In terms of three dimensions, it becomes:

\[F(v) =4 \pi (\frac{m}{2kT})^{3/2} v^{2} e^{-mvz^{2/2kT}}\]

Maxwell Boltzmann Derivation

Consider the fraction of molecules in a three-dimensional box having the translation energy ε, then, as a function, it will be:

ε  = h2 / 8m [nx2 + ny2+ nz2]/[Lx2 + Ly2 + Lz2]

ni2   = nx2 + ny2+ nz2  ,and

 εi  = n2h2/8mL2

The length of each side of the box is equal.

So, we would consider the density of translational states as a sphere in space.

So the total volume of the sphere is:

\[\epsilon = \frac{4 \pi}{8} \int_{0}^{n} n^{2} dn\]

and  dε = π/2 n2 dn

Also n2h2/8mL2 = ½ mu2, and

dn  = 2mV1/3/hdu

So,  π/2 n2 dn = dNi/N = dε/Q \[e^{-\beta \epsilon i}\] 

Substituting in for thermal wavelength, we get:

\[\frac{1}{N} \frac{du}{dN} = 4 \pi u^{2} (m/2 \pi k T)^{3/2} e^{-mu^{2/2kT}}\]

This is the Maxwell-Boltzmann distribution.

FAQ (Frequently Asked Questions)

Q1: What is Boltzmann’s Distribution Law?

Ans: Boltzmann's distribution law is a probability measure that gives the probability of a system in a certain state as a function of that state’s energy ε ,and the temperature T of the system.

Q2: What does the Maxwell-Boltzmann Distribution Show?

Ans: This distribution is a probability distribution that is used for describing velocities of different particles inside the system at a given temperature.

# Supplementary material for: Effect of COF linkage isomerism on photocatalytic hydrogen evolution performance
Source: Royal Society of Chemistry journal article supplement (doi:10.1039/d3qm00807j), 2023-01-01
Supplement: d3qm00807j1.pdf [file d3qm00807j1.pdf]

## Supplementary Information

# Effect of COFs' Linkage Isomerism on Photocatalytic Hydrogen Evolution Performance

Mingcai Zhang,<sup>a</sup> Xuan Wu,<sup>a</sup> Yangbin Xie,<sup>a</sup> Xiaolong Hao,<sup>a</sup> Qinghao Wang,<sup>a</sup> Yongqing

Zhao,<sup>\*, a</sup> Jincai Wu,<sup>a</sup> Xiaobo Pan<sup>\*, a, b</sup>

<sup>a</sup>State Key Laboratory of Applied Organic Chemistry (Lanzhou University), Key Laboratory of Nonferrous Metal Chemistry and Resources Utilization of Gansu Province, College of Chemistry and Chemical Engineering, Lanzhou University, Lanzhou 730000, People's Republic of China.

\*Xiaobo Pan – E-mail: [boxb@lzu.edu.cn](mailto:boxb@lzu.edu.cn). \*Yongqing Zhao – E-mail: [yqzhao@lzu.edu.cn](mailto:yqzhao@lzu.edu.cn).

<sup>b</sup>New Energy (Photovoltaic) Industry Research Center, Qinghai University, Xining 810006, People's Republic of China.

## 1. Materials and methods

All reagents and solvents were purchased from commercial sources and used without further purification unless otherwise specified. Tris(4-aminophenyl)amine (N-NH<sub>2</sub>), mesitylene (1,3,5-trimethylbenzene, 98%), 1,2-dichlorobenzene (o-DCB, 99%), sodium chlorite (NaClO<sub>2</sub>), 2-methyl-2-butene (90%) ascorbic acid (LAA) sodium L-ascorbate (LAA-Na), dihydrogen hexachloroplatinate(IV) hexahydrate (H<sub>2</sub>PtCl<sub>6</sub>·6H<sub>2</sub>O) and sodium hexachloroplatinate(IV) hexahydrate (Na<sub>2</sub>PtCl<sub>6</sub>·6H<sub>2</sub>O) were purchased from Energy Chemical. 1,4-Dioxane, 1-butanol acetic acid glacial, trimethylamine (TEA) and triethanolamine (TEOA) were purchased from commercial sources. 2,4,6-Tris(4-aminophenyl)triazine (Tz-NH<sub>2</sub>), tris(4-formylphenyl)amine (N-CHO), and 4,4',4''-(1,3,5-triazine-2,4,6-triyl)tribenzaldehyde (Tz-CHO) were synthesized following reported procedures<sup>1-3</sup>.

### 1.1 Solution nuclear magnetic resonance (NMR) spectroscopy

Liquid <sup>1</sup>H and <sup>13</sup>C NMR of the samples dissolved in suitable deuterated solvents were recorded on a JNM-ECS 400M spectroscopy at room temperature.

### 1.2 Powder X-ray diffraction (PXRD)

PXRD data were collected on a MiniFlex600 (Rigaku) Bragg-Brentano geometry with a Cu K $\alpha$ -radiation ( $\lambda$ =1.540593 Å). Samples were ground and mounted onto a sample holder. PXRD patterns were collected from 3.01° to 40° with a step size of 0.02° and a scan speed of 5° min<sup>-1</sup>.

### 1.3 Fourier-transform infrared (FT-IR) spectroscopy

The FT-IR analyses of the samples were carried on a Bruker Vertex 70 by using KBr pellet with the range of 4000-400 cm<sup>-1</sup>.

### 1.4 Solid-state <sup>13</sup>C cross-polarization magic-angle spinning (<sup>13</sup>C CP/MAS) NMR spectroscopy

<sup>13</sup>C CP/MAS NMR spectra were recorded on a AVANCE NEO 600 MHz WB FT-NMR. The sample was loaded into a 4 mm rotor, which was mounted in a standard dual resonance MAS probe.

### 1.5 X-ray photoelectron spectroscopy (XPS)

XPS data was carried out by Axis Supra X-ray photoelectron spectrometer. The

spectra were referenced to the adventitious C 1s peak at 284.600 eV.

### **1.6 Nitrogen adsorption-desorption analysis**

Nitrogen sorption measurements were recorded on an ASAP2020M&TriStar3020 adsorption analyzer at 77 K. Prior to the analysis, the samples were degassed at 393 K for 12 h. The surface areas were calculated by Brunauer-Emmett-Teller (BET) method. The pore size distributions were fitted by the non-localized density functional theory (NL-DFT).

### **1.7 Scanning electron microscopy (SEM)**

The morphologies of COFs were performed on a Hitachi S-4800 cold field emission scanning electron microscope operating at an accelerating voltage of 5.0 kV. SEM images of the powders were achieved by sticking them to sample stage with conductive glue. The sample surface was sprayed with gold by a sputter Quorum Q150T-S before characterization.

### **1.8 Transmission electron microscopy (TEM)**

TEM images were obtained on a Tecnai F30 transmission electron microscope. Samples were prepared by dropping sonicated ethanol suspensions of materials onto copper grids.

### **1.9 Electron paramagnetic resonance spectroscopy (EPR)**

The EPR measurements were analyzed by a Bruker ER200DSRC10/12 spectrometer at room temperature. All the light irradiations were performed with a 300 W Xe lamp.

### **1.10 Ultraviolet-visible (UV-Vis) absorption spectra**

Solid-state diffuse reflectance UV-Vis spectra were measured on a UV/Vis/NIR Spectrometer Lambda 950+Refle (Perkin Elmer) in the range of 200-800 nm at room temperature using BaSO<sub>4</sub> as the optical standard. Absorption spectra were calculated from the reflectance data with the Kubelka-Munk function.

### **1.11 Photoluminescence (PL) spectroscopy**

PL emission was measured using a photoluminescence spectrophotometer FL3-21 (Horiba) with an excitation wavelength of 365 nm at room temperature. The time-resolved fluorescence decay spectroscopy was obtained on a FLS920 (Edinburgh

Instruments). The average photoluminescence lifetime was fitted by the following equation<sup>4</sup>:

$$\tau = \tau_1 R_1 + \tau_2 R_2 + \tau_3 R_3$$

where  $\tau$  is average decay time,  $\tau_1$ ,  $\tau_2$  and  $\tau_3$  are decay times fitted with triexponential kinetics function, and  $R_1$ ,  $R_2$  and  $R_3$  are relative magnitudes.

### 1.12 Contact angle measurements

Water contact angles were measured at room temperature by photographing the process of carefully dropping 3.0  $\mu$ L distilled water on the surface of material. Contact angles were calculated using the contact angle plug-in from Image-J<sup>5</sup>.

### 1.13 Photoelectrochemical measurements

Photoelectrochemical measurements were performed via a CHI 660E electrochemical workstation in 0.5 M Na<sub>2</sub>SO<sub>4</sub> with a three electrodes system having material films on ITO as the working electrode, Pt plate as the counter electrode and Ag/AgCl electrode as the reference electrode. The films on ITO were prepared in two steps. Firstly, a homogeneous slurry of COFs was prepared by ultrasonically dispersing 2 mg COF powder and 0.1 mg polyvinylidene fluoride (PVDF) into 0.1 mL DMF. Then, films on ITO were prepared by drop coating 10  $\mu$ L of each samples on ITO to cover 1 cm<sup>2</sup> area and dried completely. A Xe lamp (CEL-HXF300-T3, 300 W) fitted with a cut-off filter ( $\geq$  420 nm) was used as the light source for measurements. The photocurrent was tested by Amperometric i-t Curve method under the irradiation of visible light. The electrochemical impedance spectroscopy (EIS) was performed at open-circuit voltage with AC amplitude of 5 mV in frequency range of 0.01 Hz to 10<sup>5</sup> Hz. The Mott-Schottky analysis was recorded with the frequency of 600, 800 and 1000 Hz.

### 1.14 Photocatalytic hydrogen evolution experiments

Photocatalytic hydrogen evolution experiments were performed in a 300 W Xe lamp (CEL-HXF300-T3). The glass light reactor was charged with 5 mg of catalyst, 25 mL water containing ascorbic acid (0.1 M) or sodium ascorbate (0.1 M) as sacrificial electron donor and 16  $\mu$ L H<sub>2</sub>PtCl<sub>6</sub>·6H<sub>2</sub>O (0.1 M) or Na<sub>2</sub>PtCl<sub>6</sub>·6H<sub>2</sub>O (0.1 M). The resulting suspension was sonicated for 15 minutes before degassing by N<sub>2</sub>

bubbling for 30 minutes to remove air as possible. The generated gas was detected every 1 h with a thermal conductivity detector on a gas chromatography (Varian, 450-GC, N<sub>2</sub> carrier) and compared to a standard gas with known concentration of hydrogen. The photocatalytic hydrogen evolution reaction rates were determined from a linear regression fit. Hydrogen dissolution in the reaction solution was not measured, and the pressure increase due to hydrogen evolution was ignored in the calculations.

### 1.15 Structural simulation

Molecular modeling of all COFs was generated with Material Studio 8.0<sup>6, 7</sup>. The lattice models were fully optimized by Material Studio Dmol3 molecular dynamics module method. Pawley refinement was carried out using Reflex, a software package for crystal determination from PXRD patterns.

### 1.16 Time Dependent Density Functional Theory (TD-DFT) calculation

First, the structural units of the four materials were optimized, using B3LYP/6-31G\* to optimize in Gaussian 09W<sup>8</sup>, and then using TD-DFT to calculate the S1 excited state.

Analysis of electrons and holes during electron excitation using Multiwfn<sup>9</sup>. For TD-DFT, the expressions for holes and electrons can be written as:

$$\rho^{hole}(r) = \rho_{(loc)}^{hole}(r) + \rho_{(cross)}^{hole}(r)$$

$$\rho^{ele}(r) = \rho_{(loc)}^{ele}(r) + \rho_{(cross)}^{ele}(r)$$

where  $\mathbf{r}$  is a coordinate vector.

The graph below shows the number of particles or molecules inside a system per unit speed.

(image will be uploaded soon)

Q3:  What is the Most Probable Speed of a Gas Particle?

Ans: The Maxwell-Boltzmann equation forms the basis of the kinetic theory of gases. It defines the distribution of speeds for gas molecules at a certain temperature. From this distribution function, the most probable speed, CAverage, and Crms can be derived.

Q4: What is RMS Speed?

Ans: The RMS speed is the measure of the speed of molecules in a gas. It is defined as the square root of the squared average velocity of the molecules in a gas. It takes into account both molecular weight and temperature; these two factors directly affect the kinetic energy of a material.

So,  Crms = √3RT/M 

Where R = Universal gas constant

T = Absolute temperature

M = Molar mass of the gas molecule